Lacs de Fenêtre, certainly one of the most epic viewpoints along the road

What It’s Like Running A 100 km+ Ultramarathon

The ins and outs of ultra running have become so familiar to me that it’s easy to forget how strange a world it is for those who never felt a temptation to run for hours on end, much less signed up for an actual race. Not that I find this astonishing: The grueling prospects of waking up on a Saturday morning at some unearthly hour, only to push your body through mud and snow, over icy mountain passes and through scorching valleys, do not let it appear as a very reasonable (not to mention pleasant) endeavor. This mental image is probably to blame for the fact that my running has become the number one conversation topic whenever I meet someone who knows about my exotic passion: How is that even possible? How do you prepare for it? What are you thinking about during all these hours on the trails? Is it more of a mental than a physical challenge? And, especially from well-meaning relatives: When are you finally going back to normal?

The challenge

The preparation

So how do you actually get ready for such a challenge? Individual preferences will vary, but I think there are a few building blocks that can’t be ignored. Unsurprisingly, you’ll be spending a lot of time out running. Most experts recommend at least half a year of focused preparation for a person of average fitness, during which you gradually built up intensity. I’m running pretty much year-round, irrespective of weather conditions, and collect up to ~90 km during peak weeks (typically combined with shorter races). This translates to 12–14 h on the trails, a considerable drain on any weekend. If you think racing is hard, you haven’t looked at the training.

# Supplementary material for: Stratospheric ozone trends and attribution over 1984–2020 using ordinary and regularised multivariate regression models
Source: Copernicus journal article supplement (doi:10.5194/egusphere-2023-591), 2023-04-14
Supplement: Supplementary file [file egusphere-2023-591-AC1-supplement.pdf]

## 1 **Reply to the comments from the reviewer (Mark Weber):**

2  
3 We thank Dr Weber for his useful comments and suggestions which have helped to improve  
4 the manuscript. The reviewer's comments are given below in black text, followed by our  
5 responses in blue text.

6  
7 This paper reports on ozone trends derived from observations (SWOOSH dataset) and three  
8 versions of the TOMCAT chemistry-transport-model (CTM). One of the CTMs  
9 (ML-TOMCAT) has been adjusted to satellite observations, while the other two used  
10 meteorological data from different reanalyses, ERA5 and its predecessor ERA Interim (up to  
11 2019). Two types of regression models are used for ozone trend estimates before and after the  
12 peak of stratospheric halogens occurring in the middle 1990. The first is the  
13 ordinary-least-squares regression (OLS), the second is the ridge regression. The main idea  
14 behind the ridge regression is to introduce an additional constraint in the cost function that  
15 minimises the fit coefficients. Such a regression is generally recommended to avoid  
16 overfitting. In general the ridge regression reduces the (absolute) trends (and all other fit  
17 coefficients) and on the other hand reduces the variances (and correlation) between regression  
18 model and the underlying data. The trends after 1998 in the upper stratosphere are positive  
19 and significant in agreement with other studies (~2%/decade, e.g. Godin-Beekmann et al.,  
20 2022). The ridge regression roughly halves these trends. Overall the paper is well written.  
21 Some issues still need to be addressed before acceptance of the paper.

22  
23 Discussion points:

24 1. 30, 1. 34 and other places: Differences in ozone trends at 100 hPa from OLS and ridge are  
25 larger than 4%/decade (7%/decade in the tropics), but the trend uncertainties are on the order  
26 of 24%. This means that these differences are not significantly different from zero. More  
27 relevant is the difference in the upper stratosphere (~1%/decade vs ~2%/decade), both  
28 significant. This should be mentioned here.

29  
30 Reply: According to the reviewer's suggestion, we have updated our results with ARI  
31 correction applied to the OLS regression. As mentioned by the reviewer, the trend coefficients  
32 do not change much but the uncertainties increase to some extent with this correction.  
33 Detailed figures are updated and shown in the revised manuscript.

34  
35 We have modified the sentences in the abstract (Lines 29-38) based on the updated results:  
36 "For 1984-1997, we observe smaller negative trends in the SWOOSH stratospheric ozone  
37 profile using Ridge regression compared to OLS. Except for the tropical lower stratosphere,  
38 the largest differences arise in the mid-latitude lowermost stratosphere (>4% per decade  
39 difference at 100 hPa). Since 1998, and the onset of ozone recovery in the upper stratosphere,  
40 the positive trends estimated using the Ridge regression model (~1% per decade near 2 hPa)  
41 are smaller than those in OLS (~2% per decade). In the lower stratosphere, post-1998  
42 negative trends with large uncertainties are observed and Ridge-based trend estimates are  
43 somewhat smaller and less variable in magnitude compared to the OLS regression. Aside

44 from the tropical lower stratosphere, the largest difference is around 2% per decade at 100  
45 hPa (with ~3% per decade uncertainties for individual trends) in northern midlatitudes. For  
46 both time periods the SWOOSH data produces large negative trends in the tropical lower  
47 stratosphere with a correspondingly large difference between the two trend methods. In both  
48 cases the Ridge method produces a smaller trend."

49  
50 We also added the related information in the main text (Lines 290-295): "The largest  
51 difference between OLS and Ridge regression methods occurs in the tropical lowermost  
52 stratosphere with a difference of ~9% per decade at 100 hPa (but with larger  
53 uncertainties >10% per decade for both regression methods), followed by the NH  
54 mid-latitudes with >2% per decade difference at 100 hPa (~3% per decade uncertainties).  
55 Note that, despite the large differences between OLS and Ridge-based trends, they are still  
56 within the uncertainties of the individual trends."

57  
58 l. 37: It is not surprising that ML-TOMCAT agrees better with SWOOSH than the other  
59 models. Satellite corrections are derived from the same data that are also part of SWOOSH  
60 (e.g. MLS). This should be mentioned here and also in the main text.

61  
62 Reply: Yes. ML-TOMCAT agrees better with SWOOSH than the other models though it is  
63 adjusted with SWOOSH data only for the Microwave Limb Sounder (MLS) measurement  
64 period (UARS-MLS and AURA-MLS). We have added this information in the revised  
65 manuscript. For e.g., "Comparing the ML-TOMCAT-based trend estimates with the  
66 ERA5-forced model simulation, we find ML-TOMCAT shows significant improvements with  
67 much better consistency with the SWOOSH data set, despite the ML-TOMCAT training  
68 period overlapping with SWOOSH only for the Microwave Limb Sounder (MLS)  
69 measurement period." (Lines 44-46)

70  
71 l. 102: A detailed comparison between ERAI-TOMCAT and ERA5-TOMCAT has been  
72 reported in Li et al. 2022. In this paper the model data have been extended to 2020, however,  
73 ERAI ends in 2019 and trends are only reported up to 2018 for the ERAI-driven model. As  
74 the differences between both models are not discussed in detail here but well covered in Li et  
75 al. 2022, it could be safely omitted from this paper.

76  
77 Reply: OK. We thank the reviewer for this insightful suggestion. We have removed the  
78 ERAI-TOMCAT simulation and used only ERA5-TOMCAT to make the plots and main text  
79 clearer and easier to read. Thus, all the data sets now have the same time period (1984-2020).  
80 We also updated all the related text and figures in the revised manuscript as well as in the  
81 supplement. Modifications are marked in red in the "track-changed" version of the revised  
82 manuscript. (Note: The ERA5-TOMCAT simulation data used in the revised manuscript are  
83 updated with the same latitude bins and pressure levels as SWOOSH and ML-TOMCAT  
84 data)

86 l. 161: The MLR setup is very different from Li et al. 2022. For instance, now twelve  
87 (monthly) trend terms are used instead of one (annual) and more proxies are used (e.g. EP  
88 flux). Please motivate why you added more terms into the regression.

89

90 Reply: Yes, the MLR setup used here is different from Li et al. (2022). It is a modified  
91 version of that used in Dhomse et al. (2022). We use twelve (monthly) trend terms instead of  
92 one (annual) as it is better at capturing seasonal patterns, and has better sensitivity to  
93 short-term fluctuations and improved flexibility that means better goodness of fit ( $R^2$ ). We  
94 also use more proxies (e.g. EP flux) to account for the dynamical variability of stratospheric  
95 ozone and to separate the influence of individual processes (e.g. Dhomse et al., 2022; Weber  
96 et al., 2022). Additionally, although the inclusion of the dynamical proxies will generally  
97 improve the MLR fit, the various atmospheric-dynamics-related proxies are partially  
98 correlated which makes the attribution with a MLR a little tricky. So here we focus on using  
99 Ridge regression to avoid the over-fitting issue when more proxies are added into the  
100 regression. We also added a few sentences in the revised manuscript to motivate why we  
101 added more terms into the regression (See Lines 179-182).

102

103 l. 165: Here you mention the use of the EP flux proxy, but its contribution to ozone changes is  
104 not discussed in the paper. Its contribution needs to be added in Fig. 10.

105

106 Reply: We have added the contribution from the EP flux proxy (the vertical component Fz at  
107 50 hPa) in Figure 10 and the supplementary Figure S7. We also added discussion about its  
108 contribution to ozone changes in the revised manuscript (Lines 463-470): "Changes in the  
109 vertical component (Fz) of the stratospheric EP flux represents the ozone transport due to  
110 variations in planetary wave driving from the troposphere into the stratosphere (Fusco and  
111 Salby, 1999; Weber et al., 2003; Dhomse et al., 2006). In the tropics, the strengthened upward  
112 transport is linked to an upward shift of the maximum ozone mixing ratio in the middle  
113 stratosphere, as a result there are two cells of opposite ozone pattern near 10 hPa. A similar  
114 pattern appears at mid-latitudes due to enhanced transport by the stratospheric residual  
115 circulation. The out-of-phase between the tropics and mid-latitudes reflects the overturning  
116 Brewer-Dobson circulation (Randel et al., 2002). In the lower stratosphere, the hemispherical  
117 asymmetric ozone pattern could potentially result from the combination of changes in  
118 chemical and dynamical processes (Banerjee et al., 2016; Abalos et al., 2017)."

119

Preparation has to start early, so conditions for running aren’t always ideal (pictures from March)

The night before

Minutes before the start — still looking happy and fresh.

The race

Photo by Sven Bass on Unsplash
Altitude profile of the course. There are seven peaks to climb, spanning from a couple of hundred meters of ascent to nearly 2,000 m.

If this won’t keep you going…

High and higher

I know some people who run with the stated purpose of achieving a Runner’s High. It’s never been my central focus, but I find that it comes almost naturally during long runs. If you are so inclined, this is where to digress into mysticism; a feeling of being at one with nature, of transcending your physical body, but the basic sensation is simply one of being unstoppable. It really feels like you could run forever. Rather than your body or the trail imposing limits on your performance, it deludes you into believing that you are fully in charge of everything.

About 60 km into the race, shortly before reaching the Lac de Fenêtre (see above). I don’t remember if I was experiencing a runner’s high at this point, or just faking a smile for the photographer.

Mind your body

People not acquainted with ultra running are likely to think that a race is mostly a fight against the physical limitations of your body. The truth is that bodily pain is often negligible, and the true battle is the mental one.